I’m Clive Page, a Professor of Pharmacology at King’s College London. I do research on understanding why people have asthma and I’m here today to talk about it. AMA!


My name is Clive Page and I am a Professor of Pharmacology at King’s College London and Director of the Sackler Institute of Pulmonary Pharmacology, King’s College London. I have spent my career working on understanding why people have asthma and other inflammatory diseases of the lung. I have also been very interested in the treatment of these diseases and have been involved in the discovery and development of a new drug for the treatment of asthma and COPD (smokers disease), RPL554, which is currently in clinical trials.

I recently gave the 81st Stephen Paget Memorial Lecture about the role animals have played in the development of medicines to treat asthma.

I have always advocated openness in discussing the role of animals in research and have contributed widely to the public debate about this important issue. This is my first AMA, I’m here to talk about asthma and other inflammatory diseases of the lung, the treatment of these diseases, and how animal research plays an important role, so Ask Me Anything!

This AMA has been organised by Understanding Animal Research.

Thanks for your questions and I hope the information supplied is of some help

Why did my asthma go away? I stopped having asthma in my mid teens.


We do not fully understand why some people lose their symptoms in their mid teens. It has been suggested by some investigators that the hormonal changes that occur in puberty and pregnancy may cause changes in the airways leading to changes in the pattern of asthma symptoms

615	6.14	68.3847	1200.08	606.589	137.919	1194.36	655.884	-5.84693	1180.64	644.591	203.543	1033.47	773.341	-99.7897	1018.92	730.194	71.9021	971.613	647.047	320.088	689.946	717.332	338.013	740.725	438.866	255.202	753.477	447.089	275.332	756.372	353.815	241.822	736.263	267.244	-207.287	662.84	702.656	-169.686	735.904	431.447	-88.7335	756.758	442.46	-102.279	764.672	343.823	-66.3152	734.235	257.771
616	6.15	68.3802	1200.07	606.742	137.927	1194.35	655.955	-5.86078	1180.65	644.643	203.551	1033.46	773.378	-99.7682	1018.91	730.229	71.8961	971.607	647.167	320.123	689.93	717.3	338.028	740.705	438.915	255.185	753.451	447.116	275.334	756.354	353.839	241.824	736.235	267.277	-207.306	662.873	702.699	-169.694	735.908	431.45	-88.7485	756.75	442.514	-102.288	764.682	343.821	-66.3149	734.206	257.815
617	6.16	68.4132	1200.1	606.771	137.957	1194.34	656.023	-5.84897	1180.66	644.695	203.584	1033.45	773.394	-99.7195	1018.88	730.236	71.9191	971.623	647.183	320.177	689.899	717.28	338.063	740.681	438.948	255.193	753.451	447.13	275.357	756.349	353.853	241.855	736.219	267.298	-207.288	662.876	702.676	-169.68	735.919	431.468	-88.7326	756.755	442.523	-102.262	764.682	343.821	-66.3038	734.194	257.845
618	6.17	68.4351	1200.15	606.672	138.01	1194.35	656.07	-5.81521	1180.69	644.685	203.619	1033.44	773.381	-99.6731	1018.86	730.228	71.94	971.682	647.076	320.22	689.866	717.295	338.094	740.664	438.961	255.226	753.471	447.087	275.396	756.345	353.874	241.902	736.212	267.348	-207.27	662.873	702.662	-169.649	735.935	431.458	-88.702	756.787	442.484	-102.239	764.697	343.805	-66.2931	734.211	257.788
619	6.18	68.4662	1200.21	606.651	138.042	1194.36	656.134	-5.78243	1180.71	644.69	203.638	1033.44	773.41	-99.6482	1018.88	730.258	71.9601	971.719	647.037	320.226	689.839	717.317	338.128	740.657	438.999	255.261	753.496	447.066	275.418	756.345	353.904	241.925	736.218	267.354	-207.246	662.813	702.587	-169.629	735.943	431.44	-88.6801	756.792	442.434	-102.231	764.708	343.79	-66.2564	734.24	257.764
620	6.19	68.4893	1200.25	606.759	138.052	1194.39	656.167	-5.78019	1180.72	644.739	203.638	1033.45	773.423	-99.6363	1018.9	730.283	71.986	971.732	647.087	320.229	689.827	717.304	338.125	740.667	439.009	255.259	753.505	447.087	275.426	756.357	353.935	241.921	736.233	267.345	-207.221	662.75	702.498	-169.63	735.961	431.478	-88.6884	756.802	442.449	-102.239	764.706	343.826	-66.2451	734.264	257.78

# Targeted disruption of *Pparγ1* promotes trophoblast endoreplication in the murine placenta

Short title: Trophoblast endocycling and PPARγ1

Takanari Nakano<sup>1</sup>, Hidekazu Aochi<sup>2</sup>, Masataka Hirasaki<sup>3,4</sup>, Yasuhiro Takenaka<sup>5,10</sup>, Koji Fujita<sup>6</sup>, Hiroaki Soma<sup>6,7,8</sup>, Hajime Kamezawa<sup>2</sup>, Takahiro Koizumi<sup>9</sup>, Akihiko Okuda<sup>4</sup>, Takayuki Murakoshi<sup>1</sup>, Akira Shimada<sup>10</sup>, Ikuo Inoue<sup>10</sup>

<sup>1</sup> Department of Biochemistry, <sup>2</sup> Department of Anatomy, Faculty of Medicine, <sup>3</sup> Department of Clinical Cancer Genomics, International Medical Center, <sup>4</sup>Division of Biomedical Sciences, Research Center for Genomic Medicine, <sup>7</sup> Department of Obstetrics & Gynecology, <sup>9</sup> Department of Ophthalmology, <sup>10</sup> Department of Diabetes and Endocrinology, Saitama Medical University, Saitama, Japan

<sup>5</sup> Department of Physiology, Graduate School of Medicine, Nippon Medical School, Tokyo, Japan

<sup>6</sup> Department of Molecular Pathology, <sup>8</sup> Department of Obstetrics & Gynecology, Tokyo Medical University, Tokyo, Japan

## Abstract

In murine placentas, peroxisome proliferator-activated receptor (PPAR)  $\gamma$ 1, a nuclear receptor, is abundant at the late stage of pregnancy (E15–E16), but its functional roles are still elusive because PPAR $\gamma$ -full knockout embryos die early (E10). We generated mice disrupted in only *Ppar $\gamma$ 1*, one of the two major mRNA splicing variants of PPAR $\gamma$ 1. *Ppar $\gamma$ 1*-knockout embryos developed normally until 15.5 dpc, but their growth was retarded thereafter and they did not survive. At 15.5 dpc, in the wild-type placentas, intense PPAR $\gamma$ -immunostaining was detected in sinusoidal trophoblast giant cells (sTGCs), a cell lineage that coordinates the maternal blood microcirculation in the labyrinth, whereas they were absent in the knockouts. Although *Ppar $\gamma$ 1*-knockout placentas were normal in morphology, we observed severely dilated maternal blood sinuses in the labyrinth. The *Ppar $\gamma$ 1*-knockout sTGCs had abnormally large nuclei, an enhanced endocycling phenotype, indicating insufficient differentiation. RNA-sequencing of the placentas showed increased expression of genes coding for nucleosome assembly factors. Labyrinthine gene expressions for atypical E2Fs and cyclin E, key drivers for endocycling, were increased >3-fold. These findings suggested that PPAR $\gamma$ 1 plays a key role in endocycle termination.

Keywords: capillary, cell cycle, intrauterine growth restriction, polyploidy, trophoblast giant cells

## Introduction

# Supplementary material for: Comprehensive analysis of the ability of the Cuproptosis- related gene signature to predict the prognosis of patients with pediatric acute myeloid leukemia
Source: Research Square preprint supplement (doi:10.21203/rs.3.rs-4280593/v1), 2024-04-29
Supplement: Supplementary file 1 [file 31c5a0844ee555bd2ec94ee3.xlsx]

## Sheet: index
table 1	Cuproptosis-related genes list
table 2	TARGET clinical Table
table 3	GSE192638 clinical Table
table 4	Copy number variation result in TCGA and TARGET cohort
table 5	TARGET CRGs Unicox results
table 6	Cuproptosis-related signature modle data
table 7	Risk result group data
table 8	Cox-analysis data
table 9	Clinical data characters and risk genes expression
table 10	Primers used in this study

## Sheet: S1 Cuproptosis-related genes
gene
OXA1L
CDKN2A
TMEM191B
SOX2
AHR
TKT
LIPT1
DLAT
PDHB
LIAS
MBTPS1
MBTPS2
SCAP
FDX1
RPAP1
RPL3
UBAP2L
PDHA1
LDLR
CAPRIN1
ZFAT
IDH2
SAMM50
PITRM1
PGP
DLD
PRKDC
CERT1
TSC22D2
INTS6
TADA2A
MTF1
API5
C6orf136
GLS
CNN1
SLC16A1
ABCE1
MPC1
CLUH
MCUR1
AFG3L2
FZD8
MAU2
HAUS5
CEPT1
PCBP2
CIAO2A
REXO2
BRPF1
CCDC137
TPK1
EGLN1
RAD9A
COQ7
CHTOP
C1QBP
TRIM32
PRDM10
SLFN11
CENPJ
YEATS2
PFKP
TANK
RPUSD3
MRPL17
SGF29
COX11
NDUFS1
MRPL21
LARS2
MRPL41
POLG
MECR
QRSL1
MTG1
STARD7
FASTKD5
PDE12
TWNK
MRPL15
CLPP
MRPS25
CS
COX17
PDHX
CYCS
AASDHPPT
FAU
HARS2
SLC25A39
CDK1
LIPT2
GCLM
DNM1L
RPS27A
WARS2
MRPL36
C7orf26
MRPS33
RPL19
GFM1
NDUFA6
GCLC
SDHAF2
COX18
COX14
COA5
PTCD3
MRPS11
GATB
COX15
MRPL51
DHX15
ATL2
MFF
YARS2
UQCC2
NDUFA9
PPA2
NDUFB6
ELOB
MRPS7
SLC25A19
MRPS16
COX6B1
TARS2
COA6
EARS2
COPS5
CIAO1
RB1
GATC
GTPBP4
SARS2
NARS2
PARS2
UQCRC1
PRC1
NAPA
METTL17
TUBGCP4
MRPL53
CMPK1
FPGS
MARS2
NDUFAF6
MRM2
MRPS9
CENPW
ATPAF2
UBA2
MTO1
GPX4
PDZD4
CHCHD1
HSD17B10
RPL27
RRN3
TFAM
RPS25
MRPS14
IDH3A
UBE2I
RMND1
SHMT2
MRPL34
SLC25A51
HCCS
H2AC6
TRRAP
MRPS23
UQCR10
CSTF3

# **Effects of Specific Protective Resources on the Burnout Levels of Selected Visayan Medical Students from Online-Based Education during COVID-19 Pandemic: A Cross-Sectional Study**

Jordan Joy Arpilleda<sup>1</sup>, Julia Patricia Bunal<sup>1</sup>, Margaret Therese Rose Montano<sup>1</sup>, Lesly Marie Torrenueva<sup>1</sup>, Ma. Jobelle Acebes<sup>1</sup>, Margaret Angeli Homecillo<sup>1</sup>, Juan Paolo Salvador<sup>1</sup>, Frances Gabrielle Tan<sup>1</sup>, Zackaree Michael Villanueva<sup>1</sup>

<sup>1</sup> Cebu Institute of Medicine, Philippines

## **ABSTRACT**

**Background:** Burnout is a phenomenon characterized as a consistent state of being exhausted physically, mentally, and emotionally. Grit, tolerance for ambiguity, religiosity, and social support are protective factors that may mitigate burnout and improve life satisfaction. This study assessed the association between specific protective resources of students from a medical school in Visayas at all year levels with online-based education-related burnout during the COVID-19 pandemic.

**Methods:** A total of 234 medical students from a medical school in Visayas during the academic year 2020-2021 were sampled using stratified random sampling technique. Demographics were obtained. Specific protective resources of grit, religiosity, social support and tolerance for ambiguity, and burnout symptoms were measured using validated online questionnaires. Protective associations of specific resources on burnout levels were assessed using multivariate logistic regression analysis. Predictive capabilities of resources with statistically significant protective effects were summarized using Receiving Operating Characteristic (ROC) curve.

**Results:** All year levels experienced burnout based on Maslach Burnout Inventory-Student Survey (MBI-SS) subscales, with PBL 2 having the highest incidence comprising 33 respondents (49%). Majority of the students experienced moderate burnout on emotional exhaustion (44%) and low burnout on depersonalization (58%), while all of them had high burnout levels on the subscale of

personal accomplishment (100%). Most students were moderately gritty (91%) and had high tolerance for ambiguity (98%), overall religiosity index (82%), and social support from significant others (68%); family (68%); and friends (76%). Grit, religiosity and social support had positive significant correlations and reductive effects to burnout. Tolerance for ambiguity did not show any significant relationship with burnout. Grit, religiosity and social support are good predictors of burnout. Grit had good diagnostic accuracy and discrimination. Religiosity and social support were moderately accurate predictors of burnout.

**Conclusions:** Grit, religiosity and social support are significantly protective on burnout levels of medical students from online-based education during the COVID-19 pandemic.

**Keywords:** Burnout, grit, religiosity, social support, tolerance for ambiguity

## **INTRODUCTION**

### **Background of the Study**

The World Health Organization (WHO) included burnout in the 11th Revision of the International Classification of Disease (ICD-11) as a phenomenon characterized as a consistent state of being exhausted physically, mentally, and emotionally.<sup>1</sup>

What correlations are there between fitness and asthma?

What correlations are there between allergies to dust/cats/grass and asthma?

What is the significance of puberty on Asthma? (Commonly reducing symptoms in children)


There have been a number of studies demonstrating that deep breathing can have a beneficial effect on symptoms in some patients with asthma. There is certainly strong evidence that many people with allergy to dust mite (it is proteins in the faecal pellets of the house dust mite found in dust rather than the dust itself that people can be allergic to) can also have their asthma induced by these pellets when they are hoovering and the dust is disturbed or when they shake up their duvet. People can be allergic to cat "dander" or indeed "dander" from other domestic animals, although in some people have asthma that is not allergic. It is certainly know that puberty can cause some children to lose symptoms, but the reasons for this are not fully understood

What are the chances of finding a cure for asthma?


We are ever hopeful that we will one day be able to cure asthma A number of groups are working on vaccines against common allergens known to trigger asthma. I have been involved with a research project trying to understand why people exposed to tuberculosis appear to have less allergy and asthma. Also there have been recent experiments studying the Amish and Hutterite populations who have differences in their asthma and allergy prevalence and shown that exposure of children to “barn dust” protects against allergy and asthma.

Hi Clive and thank you for doing this AMA.